The next morning, I hired a Tuvan guide to take us into the Altai Mountains east of Xiabotue, near Black Lake. We then saddled up some Mongolian Horses and headed out.
Our horse trek would take us into a region represents the most complete sequence of altitudinal vegetation zones in the Altai Mountains, from steppe, forest-steppe, mixed forest, subalpine vegetation to alpine vegetation.
Mongol horses are of a stocky build, with relatively short but strong legs and a large head. The mane and tail of the Mongol horse are very long. Their strands are often used for braiding ropes for the Tuvans.
Pictured above, the Mongol Horses have great stamina; although they have small bodies, they can gallop for 10 km without a break. My Tuvan Guide was able to do all kinds of tricks on the them, (from standing up and going under the belly at a gallop).
The Altai mountains have retained a remarkably stable climate changing little since the last ice age. In addition the mix of mammals has remained largely the same, with a few exceptions such as extinct mammoths, making it one of the few places on earth to retain an ice age fauna. The Altai Highland, (Black Lake Steppe Region) is of importance for preservation of the globally endangered mammals, such as “snow leopard and the Altai Argali. Siberian Ibex also live in these mountains.
Pictured above, the “Wild Bactrian Camel (Camelus ferus)” is a critically endangered species of camel living in parts of northwestern China and southwestern Mongolia. It is closely related to the “Bactrian Camel (Camelus bactrianus). Both are large, double-humped even-toed “Ungulates” native to the steppes of Central Asia and here in the Altai Highlands. Until recently, wild Bactrian camels were thought to have descended from domesticated Bactrian camels that became feral after being released into the wild. However, genetic studies have established it as a separate species which diverged from the Bactrian camel about 1.1 million years ago.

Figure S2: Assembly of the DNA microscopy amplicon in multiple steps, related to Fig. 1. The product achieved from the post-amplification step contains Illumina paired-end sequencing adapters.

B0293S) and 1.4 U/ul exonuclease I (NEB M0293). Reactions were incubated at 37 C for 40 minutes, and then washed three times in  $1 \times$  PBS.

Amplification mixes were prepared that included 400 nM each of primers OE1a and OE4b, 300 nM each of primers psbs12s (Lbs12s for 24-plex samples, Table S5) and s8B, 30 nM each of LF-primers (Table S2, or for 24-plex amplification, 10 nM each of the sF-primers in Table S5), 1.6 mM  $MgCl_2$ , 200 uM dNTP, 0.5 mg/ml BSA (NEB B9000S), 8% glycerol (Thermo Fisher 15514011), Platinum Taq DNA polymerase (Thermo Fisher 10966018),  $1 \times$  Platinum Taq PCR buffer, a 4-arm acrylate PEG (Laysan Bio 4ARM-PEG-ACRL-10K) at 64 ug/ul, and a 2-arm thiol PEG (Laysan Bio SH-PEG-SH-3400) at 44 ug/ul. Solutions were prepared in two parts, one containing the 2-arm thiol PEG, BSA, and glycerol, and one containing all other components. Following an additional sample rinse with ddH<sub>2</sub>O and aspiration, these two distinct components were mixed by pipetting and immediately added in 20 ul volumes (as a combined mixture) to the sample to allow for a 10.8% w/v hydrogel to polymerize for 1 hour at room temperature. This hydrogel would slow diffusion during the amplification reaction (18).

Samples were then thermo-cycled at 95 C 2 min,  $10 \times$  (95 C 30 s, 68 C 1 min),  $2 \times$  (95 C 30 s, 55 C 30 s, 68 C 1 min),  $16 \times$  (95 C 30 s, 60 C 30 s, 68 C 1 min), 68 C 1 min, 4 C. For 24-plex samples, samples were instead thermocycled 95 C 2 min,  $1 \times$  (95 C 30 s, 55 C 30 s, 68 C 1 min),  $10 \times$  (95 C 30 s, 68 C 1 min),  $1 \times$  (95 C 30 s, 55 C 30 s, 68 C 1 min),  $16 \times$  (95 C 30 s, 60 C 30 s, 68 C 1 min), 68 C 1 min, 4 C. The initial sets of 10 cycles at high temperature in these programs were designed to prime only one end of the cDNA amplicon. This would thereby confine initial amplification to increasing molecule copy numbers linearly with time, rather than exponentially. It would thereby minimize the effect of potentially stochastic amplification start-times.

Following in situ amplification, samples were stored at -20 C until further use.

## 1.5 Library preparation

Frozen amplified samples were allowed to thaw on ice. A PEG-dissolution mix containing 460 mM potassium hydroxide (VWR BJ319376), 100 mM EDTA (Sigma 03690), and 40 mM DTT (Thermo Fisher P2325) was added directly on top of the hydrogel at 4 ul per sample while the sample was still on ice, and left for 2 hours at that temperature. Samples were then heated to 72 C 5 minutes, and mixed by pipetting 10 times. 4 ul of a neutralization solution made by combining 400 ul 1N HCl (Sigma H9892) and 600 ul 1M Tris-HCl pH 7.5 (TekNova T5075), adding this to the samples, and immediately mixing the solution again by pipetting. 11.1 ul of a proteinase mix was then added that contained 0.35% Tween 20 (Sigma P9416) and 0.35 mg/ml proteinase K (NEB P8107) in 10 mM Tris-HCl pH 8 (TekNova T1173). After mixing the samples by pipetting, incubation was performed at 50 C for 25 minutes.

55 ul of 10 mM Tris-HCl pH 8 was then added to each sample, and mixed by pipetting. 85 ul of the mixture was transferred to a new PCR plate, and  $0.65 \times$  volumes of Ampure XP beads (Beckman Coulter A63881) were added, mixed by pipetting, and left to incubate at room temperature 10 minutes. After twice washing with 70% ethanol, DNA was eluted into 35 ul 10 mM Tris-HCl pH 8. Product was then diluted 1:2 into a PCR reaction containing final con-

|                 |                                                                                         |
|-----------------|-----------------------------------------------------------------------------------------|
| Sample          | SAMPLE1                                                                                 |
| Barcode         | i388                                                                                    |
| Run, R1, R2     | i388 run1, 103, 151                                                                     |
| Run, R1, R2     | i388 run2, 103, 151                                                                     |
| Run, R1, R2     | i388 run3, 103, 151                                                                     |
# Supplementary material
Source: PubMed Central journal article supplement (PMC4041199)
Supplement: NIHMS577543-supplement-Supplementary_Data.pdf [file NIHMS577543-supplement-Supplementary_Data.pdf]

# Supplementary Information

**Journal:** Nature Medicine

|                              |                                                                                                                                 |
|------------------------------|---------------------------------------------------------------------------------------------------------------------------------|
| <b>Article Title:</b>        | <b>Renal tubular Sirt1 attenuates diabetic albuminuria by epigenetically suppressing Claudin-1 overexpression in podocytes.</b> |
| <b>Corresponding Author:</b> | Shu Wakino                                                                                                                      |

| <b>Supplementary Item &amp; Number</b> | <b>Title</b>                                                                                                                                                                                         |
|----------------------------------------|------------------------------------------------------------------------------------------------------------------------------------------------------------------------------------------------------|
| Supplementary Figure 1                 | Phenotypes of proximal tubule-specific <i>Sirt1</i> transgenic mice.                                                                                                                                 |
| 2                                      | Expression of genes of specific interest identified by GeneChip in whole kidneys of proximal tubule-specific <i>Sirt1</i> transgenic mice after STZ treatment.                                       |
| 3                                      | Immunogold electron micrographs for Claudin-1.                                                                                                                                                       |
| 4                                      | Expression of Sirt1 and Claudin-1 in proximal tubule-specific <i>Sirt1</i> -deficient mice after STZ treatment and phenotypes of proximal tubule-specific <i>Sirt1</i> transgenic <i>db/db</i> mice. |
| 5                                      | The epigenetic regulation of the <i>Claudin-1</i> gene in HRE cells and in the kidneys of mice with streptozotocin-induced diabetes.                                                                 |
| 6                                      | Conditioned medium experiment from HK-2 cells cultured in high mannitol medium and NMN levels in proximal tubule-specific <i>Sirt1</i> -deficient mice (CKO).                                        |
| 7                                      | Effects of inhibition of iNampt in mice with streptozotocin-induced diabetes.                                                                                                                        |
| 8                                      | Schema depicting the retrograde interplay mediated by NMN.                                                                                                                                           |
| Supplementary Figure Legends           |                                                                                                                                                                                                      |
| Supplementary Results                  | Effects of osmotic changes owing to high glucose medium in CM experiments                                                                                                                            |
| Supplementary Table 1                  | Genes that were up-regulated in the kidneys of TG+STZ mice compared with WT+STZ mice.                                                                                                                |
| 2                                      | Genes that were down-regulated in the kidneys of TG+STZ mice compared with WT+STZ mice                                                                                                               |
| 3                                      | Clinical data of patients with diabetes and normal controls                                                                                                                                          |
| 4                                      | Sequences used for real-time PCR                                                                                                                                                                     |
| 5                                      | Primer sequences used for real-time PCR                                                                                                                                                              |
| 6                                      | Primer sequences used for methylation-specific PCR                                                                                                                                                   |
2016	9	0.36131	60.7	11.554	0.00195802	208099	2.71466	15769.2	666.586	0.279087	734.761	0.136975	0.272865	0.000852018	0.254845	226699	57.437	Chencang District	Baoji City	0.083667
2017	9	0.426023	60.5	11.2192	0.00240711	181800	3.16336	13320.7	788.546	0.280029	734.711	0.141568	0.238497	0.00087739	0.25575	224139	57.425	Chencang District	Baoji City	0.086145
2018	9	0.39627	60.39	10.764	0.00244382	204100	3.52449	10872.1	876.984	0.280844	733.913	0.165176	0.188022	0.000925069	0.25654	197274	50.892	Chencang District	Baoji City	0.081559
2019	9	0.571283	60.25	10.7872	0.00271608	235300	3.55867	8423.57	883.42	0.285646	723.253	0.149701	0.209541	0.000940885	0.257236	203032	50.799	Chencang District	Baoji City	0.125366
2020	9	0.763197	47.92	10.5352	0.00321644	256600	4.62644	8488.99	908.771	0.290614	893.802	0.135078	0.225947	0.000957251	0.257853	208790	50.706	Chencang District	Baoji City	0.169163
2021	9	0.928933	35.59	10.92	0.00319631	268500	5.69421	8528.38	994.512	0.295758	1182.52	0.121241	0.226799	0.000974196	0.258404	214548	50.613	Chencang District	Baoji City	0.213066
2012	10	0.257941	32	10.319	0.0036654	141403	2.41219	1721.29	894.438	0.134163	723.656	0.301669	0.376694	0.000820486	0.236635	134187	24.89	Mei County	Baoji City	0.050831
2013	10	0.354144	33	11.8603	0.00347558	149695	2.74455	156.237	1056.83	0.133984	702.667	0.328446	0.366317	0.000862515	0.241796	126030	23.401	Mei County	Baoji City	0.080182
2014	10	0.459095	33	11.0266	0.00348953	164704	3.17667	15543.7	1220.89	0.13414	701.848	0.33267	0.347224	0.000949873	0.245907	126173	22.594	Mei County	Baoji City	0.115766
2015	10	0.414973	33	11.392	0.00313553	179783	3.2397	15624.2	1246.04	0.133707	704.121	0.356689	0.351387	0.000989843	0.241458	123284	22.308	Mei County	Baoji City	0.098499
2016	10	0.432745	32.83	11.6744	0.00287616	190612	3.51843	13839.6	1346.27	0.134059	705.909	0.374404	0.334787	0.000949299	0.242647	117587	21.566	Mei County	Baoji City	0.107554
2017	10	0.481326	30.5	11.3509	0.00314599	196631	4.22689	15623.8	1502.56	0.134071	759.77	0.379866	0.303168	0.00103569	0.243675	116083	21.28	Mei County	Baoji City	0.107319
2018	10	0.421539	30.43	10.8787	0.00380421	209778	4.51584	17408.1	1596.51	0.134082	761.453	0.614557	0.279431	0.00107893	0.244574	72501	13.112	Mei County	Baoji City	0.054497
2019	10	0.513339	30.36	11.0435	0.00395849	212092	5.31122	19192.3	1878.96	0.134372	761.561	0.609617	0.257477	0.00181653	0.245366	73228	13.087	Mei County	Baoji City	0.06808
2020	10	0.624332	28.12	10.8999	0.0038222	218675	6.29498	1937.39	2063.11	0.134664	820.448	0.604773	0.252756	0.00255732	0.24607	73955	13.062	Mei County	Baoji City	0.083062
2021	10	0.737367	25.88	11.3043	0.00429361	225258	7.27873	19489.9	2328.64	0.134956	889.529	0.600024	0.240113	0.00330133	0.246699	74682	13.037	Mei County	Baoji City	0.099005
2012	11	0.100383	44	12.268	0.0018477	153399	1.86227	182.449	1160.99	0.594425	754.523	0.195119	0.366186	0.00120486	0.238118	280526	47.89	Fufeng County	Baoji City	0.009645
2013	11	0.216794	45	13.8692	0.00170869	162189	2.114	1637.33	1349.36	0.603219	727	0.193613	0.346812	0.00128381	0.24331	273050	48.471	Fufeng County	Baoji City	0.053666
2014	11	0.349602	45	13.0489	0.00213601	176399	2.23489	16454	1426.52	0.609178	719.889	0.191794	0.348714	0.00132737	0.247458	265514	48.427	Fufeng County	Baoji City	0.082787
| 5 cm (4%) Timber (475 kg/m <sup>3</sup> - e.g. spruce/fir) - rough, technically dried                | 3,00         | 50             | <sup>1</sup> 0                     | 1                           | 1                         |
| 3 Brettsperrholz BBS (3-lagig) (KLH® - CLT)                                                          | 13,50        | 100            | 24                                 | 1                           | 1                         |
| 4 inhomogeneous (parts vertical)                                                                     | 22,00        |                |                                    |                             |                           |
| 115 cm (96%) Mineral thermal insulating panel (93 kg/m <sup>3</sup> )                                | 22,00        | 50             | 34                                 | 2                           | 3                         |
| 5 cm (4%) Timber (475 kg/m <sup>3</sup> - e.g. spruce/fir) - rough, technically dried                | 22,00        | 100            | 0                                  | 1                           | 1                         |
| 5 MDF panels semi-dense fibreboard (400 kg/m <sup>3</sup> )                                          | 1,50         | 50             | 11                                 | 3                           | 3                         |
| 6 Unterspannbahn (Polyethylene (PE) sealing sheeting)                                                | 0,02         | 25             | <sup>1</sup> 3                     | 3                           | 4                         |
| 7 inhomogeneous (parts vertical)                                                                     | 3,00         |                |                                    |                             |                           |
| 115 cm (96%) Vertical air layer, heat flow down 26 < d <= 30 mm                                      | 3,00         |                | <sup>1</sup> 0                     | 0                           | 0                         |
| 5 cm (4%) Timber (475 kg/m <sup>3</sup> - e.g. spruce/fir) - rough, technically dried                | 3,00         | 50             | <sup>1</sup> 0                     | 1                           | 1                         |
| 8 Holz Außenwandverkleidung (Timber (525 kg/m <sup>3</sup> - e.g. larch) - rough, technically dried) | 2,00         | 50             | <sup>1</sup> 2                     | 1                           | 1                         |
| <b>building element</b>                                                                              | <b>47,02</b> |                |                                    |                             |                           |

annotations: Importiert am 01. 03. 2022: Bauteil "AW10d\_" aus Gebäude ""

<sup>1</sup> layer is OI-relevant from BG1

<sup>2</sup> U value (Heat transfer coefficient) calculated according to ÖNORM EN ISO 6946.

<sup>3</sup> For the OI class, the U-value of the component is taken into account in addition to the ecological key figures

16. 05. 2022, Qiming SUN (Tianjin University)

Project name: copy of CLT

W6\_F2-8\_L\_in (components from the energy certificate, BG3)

Pictured above, A traditional “Yurt” or “Ger” is a portable, round tent covered with skins and used as a dwelling by nomadic groups in the steppes of Central Asia. The structure consists of an angled assembly or latticework of wood or bamboo for walls, a door frame, ribs (poles, rafters), and a wheel (crown, compression ring) possibly steam-bent. The roof structure is often self-supporting. The top of the wall of self-supporting yurts is prevented from spreading by means of a tension band which opposes the force of the roof ribs.
Known throughout history as the “cradle of the nomads,” the mountains pasturelands were home to the ancient nomads of China. The Huns (Xiongnu), the Turks (Tujue), and Chengiskhan all lived here.
Pictured above, the Altai Highland Steppes, represents the northernmost region affected by the tectonic collision of India into Asia. Massive fault systems run through the area, including the Kurai Fault Zone and the recently identified Tashanta Fault Zone. These fault systems are typically thrusts or right lateral strike-slip faults, some of which are tectonically active. Rock types in these mountains were typically granites and metamorphic schists, and some are highly sheared near to fault zones.